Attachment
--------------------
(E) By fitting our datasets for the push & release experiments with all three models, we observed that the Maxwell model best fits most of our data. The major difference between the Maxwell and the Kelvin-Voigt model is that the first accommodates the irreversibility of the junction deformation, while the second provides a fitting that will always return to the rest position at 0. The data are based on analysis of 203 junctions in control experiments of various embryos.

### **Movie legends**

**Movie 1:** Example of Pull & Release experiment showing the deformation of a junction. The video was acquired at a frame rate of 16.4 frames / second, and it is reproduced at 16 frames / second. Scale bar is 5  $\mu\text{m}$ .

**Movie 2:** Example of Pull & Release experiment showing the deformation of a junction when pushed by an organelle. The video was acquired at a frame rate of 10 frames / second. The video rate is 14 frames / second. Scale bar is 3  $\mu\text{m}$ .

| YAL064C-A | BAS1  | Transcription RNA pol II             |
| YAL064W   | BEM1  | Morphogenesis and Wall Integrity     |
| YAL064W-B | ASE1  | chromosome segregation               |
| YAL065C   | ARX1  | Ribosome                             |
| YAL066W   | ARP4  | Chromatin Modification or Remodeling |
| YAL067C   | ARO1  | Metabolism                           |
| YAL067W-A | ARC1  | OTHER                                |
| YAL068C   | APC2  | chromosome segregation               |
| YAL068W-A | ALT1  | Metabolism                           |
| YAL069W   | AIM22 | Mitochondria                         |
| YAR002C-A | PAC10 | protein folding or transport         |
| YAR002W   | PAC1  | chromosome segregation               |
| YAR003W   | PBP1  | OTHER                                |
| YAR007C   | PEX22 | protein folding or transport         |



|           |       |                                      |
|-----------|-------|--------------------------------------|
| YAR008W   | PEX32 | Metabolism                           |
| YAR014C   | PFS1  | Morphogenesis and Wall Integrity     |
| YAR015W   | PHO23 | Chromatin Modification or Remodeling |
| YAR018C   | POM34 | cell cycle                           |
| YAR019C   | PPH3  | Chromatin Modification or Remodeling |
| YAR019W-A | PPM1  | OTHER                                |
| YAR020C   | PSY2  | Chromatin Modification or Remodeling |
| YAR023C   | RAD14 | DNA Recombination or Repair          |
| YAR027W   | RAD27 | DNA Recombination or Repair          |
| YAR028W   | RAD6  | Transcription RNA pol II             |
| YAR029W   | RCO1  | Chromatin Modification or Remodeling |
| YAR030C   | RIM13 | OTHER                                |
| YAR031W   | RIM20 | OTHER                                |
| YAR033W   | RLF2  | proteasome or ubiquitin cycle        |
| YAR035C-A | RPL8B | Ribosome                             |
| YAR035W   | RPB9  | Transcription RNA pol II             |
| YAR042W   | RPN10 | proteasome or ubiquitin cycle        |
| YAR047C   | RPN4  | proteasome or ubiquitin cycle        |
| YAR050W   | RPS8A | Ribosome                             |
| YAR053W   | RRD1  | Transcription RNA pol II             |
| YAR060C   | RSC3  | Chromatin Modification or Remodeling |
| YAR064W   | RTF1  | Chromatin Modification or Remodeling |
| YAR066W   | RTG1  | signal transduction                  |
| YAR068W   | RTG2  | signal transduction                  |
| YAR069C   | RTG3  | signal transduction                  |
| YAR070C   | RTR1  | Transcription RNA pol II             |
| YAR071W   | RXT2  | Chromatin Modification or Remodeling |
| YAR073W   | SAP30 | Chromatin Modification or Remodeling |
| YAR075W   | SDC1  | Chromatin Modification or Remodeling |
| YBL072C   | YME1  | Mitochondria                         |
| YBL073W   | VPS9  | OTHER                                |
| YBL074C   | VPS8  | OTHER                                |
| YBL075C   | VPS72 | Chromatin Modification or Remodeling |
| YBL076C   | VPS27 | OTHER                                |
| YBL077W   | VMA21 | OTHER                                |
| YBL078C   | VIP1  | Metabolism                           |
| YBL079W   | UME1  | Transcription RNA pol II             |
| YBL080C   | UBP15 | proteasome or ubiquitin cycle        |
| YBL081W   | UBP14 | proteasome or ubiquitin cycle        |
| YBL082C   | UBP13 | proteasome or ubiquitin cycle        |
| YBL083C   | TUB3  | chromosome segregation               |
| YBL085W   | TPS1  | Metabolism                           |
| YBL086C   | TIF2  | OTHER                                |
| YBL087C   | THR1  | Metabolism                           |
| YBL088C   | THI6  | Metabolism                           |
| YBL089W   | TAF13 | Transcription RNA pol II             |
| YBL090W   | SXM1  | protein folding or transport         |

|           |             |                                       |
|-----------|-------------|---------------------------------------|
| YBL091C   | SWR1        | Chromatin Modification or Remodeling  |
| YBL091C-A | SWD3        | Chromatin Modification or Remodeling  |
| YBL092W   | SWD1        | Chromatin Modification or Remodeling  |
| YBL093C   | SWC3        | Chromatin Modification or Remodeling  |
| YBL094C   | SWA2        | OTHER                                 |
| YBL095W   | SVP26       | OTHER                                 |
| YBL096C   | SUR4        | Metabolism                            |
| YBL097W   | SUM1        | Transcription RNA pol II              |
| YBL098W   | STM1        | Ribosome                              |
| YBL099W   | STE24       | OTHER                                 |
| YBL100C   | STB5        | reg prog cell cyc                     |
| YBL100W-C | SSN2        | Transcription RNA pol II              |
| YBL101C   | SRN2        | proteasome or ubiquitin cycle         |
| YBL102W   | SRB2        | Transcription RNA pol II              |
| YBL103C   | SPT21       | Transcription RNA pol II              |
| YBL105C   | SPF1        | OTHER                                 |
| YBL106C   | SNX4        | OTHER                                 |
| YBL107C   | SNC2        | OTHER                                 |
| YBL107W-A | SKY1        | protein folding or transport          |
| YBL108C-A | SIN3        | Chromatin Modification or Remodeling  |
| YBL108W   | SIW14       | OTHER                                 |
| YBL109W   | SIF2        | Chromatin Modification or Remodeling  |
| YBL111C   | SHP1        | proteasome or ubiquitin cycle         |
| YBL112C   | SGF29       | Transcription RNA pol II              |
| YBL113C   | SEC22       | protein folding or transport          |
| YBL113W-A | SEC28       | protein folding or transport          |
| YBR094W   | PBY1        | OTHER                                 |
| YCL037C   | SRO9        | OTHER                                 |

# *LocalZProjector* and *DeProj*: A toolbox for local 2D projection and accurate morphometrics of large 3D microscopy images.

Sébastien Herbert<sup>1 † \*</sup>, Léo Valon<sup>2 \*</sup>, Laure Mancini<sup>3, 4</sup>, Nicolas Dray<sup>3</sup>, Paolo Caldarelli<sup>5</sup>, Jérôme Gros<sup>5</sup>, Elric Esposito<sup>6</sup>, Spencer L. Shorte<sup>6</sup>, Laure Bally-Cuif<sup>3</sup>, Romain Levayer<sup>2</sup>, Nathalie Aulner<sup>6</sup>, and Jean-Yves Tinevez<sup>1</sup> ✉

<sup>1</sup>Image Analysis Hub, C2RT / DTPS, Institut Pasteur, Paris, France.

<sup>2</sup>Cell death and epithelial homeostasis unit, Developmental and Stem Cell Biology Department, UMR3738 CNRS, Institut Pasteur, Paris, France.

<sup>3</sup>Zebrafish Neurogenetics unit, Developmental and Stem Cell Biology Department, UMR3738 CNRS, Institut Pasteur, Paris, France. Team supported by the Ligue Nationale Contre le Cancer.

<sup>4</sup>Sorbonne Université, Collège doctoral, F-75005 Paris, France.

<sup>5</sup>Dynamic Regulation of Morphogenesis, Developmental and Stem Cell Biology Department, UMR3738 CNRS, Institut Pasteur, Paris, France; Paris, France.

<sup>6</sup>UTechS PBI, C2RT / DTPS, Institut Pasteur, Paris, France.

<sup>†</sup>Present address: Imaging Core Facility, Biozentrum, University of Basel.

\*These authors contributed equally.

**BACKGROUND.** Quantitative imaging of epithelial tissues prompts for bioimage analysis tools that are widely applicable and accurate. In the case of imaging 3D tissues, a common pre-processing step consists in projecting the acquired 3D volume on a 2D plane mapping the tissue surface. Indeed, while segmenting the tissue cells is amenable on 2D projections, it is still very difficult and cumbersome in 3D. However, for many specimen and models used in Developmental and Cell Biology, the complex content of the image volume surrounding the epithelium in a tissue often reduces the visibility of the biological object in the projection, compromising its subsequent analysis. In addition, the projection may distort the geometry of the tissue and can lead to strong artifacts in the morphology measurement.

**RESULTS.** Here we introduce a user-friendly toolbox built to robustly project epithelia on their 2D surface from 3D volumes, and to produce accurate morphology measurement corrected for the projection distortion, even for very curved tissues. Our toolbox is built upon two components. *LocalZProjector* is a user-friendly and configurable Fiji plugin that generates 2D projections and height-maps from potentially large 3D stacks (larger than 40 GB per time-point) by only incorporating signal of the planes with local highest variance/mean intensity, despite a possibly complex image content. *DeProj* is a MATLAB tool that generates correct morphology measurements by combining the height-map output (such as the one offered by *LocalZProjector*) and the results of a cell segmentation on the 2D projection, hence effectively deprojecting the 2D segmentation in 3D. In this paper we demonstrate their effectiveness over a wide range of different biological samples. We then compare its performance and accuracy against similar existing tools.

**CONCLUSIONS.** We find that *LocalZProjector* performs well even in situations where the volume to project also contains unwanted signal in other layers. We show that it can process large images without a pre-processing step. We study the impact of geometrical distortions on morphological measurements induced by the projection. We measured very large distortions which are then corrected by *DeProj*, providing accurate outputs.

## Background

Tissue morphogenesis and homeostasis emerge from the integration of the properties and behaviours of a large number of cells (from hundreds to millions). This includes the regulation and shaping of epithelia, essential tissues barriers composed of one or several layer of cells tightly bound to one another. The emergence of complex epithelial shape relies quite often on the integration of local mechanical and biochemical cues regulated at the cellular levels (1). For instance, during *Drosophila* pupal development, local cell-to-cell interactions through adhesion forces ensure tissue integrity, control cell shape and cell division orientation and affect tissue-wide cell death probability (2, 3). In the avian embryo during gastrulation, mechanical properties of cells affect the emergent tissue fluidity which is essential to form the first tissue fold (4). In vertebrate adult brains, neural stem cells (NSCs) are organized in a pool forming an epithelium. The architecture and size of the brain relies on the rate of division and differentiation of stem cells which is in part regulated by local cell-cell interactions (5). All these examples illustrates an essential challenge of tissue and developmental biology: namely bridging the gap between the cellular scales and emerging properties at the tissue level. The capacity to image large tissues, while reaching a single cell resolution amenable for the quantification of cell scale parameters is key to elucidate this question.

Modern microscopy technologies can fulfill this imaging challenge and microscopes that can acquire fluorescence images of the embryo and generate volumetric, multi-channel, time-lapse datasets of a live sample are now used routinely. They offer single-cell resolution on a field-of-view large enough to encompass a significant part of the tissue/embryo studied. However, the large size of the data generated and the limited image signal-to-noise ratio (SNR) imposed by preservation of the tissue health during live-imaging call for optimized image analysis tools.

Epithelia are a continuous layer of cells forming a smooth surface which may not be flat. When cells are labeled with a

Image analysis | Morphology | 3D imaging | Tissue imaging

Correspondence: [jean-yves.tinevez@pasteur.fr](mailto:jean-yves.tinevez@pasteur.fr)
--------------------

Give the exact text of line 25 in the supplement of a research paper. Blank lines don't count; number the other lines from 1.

| YAR019C   | PPH3  | Chromatin Modification or Remodeling |